Of course, how the public would actually react to these would end up depending on degree and how they are presented (what sort of financial contribution? What limits, if any, would there be on immigration?), but they provide an idea of how the public are likely to respond to any negotiations.
Another way of looking at it would be the broad type of deal. We also presented respondents with three types of deal that Britain might secure with the rest of the EU (respondents were presented with the deals in a random order).
- The first was a hard Brexit – Britain leaving the EU and not having any sort of deal with the EU. We wouldn’t have to pay any fee or follow their rules, wouldn’t have to allow EU citizens any right to come here… but we would not have tariff-free or barrier-free access to EU markets. By 64% to 12% the public think this would respect the result of the referendum, but by 44% to 32% they think it wouldn’t be good for Britain.
- The second was a Norway style deal – Britain leaving the EU and joining EFTA instead, guaranteeing us full market access in exchange for giving EU citizens the right to live and work in the UK, making a financial contribution to the EU and following EU regulation in many areas (but not fisheries, agriculture or home affairs). This was viewed a little less negatively (35% thought it would be good for the country, 38% did not), it was not seen as respecting the result of the referendum – only 32% thought it would be respecting the result, 42% did not. 57% of Leave voters think such an outcome would not be respecting the referendum vote.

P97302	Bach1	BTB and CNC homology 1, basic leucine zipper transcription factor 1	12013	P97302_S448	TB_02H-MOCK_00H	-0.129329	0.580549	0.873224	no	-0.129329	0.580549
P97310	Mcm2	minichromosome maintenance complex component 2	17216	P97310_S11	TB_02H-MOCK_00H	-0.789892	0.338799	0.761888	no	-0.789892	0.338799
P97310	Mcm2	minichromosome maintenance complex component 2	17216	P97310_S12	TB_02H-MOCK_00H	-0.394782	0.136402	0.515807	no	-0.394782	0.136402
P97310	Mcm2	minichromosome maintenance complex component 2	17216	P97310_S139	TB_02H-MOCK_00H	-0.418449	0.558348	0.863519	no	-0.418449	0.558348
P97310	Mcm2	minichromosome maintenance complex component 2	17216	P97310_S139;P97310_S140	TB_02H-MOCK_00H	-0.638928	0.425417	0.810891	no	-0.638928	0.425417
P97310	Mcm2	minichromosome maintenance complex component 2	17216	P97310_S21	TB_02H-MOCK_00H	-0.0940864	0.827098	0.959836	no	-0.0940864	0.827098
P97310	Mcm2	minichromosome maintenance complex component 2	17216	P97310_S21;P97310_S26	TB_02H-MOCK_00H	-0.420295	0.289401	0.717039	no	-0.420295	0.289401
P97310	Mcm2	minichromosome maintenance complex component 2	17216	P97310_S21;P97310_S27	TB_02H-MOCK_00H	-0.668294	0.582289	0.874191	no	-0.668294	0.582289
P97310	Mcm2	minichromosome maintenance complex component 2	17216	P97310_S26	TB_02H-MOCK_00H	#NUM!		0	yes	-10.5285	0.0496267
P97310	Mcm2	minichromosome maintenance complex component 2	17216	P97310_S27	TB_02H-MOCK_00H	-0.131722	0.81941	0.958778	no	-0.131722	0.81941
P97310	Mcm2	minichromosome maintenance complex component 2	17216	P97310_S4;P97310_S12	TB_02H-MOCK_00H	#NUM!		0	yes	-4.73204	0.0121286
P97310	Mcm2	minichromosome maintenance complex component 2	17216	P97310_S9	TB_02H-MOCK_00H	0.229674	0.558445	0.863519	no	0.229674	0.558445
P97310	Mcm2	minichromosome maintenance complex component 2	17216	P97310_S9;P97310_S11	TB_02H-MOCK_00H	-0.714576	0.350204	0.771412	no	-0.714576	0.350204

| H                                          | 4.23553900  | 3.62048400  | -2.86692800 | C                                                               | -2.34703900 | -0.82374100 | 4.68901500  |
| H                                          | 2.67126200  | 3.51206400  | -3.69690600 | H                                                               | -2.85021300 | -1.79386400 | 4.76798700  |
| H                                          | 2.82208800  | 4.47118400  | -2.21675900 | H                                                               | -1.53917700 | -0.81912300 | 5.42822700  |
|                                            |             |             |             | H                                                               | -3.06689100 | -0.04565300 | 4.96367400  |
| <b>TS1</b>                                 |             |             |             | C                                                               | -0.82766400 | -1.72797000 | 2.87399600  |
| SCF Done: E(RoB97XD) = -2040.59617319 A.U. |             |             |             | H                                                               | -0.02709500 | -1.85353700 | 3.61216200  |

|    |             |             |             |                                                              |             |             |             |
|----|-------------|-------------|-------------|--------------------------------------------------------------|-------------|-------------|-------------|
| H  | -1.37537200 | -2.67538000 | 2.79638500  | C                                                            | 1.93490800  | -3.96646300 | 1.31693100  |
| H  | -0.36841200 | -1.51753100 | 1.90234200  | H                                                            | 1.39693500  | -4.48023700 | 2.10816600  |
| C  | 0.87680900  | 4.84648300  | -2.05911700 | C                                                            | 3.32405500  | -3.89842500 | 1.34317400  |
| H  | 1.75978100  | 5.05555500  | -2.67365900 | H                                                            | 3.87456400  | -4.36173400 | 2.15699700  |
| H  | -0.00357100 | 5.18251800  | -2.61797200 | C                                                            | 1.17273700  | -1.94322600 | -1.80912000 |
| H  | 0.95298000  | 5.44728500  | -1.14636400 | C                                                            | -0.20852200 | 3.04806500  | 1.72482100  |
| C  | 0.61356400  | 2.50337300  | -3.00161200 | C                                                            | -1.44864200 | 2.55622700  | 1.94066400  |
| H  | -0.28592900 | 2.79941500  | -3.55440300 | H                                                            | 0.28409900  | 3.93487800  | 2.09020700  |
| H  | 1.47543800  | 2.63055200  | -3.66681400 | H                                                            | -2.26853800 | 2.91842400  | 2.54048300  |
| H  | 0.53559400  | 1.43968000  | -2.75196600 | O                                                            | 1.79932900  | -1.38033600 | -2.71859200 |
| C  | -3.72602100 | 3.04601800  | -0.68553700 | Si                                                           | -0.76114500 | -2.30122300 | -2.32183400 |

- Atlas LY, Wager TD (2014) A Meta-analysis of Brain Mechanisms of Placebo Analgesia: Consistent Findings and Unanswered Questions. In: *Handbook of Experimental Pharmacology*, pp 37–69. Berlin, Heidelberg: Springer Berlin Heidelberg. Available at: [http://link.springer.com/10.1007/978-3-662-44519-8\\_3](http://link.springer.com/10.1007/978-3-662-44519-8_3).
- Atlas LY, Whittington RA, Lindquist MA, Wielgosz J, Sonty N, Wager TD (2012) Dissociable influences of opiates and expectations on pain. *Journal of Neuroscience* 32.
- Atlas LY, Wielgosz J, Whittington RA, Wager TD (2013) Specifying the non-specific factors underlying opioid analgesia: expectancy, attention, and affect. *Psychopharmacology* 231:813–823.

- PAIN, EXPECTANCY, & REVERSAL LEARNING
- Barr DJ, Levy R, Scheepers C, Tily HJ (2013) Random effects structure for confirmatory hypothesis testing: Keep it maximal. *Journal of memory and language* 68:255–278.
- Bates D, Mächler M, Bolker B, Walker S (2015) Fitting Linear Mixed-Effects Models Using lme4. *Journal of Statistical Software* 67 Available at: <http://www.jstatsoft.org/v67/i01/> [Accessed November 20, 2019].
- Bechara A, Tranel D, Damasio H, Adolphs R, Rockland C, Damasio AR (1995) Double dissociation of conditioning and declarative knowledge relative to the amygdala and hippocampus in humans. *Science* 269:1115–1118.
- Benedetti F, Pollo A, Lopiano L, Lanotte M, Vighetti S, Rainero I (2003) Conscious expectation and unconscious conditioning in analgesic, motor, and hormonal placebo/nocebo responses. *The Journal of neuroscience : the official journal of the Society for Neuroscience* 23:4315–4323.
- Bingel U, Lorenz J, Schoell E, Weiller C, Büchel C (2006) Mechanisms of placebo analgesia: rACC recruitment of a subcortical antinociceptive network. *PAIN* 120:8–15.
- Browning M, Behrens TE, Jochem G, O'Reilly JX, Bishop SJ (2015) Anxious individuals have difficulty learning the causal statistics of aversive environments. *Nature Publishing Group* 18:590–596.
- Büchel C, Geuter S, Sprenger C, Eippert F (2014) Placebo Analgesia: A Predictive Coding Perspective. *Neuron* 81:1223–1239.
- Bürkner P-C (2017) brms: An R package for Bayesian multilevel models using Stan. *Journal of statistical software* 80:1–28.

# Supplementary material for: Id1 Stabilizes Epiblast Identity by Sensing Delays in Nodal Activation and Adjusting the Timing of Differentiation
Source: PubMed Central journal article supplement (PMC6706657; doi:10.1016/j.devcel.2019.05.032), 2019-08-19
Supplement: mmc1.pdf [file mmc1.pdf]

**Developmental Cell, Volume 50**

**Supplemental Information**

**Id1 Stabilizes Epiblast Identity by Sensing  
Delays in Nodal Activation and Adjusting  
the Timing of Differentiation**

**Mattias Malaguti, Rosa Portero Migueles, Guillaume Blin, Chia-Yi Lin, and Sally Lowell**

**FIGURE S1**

- The third was a Canada style deal. Britain would have a limited free trade deal with the EU – there are no tariffs on goods, but service sectors like financial services would not be able export freely to the EU. Britain would make no financial contribution to the EU and EU citizens would have no right to live or work here. This was seen as both a positive outcome for Britain (by 50% to 24%) and to respect the outcome of the by vote (by 65% to 10%).
It is important to note that we are at a very early stage in both the Brexit process and public awareness of the Brexit process and things may easily change once this becomes a more active political debate and the type of deal on offer begins to become clear. There are advantages and disadvantages to the possible outcomes that voters won’t yet be familiar with, and we don’t yet really know what sort of deals will be on the table. Equally, given the complexities of Brexit many people’s opinions will be strongly influenced by how the potential deals come across in the media and in the wider public debate.
However as a starting point it looks as if an EFTA type deal would not be seen as a good deal by the public and, perhaps more importantly, would not be seen as respecting the result of the referendum, particularly by those who voted to Leave. A deal based only on trade, even if that trade is limited, looks as if it would be an easier sell to the public – whether or not is would be the best deal for the country is a different question.